Provide an immediate first touch and acknowledgement for new prescription requests, regardless of how long the process is going to take.
Problem: “You need me to tell you what?”
Specialty pharma hub agents invariably need to confirm home addresses, correct outdated insurance policy numbers, and update affiliated providers. Getting patients to share this information is difficult — they won’t pick up the phone for random numbers (let alone repeat personal health information in public places), they don’t own fax machines, and they find paper forms cumbersome.
Who We Can Learn From: OpenTable
Diners can easily make reservations on the website or through the mobile app with one click, using pre-filled profile and payment information. When restaurants need more information (e.g. confirm a reservation, learn about allergies or special requests), diners can reply when it’s most convenient for them, with just a few clicks in the OpenTable mobile app, or by replying to an automated text message.
Let patients share information in the digital, mobile channels they prefer. Avoid high friction channels like paper, fax, and cold phone calls whenever possible.
Problem: “How do I use this?”
The first 90 days of therapy are the most challenging for patients. Learning how to use a new drug (especially if it’s being delivered in a new medium), building it into their daily routine, and addressing any potential adverse events require focus, dedication, and effort. Patients are often left to fend for themselves throughout this period, combing through dense informational packets, researching online, or calling support teams.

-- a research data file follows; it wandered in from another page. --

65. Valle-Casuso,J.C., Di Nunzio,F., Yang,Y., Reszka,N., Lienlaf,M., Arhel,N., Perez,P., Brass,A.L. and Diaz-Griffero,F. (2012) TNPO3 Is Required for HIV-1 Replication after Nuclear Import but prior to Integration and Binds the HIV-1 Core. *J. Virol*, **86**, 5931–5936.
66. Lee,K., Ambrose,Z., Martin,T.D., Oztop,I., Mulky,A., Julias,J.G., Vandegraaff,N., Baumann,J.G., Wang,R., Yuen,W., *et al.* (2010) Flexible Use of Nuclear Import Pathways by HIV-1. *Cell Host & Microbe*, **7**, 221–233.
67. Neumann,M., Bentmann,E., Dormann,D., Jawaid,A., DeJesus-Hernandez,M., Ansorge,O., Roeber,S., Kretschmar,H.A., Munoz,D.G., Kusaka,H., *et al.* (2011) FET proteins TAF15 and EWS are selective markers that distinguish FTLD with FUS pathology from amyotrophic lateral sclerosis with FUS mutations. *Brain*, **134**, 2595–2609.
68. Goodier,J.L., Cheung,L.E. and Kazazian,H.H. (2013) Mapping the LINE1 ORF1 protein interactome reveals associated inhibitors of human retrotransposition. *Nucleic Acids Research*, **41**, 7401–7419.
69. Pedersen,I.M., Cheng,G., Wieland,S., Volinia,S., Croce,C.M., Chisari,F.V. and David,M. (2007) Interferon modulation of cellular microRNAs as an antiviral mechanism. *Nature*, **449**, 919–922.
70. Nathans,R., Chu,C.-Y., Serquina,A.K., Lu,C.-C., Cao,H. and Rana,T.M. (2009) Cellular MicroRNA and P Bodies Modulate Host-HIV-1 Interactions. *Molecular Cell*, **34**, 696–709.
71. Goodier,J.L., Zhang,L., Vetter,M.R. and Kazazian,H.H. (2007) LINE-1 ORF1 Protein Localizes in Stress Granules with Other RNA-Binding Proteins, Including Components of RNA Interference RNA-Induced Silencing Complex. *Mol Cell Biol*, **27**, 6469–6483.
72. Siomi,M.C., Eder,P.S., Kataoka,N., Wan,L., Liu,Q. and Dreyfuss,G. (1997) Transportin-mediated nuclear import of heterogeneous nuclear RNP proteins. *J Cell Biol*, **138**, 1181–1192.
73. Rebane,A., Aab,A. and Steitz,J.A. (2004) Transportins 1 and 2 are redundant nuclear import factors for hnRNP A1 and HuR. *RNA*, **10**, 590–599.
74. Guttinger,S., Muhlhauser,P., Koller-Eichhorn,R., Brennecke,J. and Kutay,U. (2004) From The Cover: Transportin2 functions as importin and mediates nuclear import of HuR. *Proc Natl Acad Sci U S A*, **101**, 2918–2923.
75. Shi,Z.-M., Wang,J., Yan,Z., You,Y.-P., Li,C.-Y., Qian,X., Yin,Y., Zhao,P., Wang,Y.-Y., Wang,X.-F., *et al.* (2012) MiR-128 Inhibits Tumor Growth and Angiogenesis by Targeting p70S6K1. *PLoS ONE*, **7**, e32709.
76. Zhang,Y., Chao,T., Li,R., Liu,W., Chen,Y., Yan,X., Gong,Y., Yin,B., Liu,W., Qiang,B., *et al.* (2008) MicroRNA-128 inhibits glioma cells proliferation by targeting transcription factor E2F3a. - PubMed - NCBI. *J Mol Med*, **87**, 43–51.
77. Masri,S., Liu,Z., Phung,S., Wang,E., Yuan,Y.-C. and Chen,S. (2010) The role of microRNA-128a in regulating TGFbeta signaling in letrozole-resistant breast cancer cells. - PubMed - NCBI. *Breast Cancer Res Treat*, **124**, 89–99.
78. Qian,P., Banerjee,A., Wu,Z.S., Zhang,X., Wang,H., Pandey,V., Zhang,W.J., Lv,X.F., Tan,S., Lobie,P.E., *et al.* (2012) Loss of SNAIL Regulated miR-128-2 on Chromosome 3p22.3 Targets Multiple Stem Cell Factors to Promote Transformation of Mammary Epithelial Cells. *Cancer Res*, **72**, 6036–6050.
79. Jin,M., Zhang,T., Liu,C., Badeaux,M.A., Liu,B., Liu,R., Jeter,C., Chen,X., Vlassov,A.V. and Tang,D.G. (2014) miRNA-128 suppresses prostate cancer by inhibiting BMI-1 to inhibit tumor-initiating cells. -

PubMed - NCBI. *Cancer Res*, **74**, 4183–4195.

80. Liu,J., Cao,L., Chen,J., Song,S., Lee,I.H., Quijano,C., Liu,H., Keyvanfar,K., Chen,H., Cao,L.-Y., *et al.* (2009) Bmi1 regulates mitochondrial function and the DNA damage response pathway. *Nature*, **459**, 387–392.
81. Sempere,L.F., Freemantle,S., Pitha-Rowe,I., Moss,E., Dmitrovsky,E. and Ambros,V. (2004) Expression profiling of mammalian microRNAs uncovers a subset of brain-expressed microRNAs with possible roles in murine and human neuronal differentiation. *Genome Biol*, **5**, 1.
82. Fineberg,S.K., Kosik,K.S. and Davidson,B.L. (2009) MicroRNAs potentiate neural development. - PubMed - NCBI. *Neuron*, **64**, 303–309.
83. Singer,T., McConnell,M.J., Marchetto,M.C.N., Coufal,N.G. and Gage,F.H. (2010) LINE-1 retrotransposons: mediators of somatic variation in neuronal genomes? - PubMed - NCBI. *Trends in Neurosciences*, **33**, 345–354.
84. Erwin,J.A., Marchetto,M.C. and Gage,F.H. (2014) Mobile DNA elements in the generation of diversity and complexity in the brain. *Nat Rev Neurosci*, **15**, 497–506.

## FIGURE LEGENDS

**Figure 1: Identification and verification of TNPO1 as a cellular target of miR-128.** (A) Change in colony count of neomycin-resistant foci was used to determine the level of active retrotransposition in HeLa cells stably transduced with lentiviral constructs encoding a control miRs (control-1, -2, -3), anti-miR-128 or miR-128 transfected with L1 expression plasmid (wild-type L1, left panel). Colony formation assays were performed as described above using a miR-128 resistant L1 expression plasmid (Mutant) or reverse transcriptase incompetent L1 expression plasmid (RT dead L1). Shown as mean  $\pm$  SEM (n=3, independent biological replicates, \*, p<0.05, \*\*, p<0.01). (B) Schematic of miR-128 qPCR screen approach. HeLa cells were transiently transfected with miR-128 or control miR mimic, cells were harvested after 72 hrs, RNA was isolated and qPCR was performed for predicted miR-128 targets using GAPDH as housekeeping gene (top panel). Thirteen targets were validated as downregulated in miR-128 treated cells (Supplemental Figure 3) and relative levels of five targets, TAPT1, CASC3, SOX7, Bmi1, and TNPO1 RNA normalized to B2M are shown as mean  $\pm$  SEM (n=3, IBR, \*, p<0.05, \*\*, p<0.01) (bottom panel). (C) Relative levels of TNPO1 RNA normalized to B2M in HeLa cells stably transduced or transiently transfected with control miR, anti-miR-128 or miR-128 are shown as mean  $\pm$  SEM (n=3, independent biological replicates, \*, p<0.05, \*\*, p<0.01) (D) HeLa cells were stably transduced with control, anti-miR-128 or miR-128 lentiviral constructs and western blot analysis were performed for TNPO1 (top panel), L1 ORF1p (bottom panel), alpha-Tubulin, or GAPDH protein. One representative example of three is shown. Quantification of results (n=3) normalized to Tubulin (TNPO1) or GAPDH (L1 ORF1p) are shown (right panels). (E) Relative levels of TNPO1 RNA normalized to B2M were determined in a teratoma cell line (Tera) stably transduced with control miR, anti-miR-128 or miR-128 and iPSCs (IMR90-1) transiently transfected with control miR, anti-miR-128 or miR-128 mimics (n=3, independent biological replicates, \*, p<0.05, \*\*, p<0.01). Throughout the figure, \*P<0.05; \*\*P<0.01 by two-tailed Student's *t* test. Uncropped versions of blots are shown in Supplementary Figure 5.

Who We Can Learn From: Airbnb
To make visiting new cities less overwhelming, AirBnB curates neighborhood guides, unique cultural experiences, and restaurant recommendations based on where travelers are staying and what they’ve enjoyed in the past. These highly curated guides are available on mobile, in patients’ pockets the second they check in, and only take a few minutes to scan.
Relationships don’t stop at the point of purchase. Leverage patients’ disease state and treatment journey to build and deliver tailored, personalized education and ongoing experience programs over time to keep them engaged.
There is no silver bullet solution for turning patients’ specialty pharma experience into an Amazon experience overnight. Highly trained agent teams can be effective, but delivering high-touch agent experiences is both expensive and difficult to execute. However, overwhelming consumer preference to engage digitally, via messaging on mobile phones, opens up the opportunity to create high-touch engagement, at scale, without incurring massive human agent cost.
We can now automate millions of interactions by leveraging digital assistants (chatbots) that can engage patients while simultaneously eliminating repetitive, low-IQ agent work.
Top-tier consumer brands like American Express, OpenTable, and Airbnb have set high consumer expectations, and have also shown us the basic recipe for success: (1) provide patients with an on-demand, high-touch concierge service, (2) meet them on their preferred mobile channels, and (3) deliver ongoing personalized digital relationships. Identifying the hundreds of small pain points patients must overcome and making each one just 1% better can generate massive improvements in time to therapy, patient satisfaction, and adherence over time.
Remember — patients are consumers. It’s our job to make their experience with new prescriptions feel as easy as getting an Amazon Prime delivery.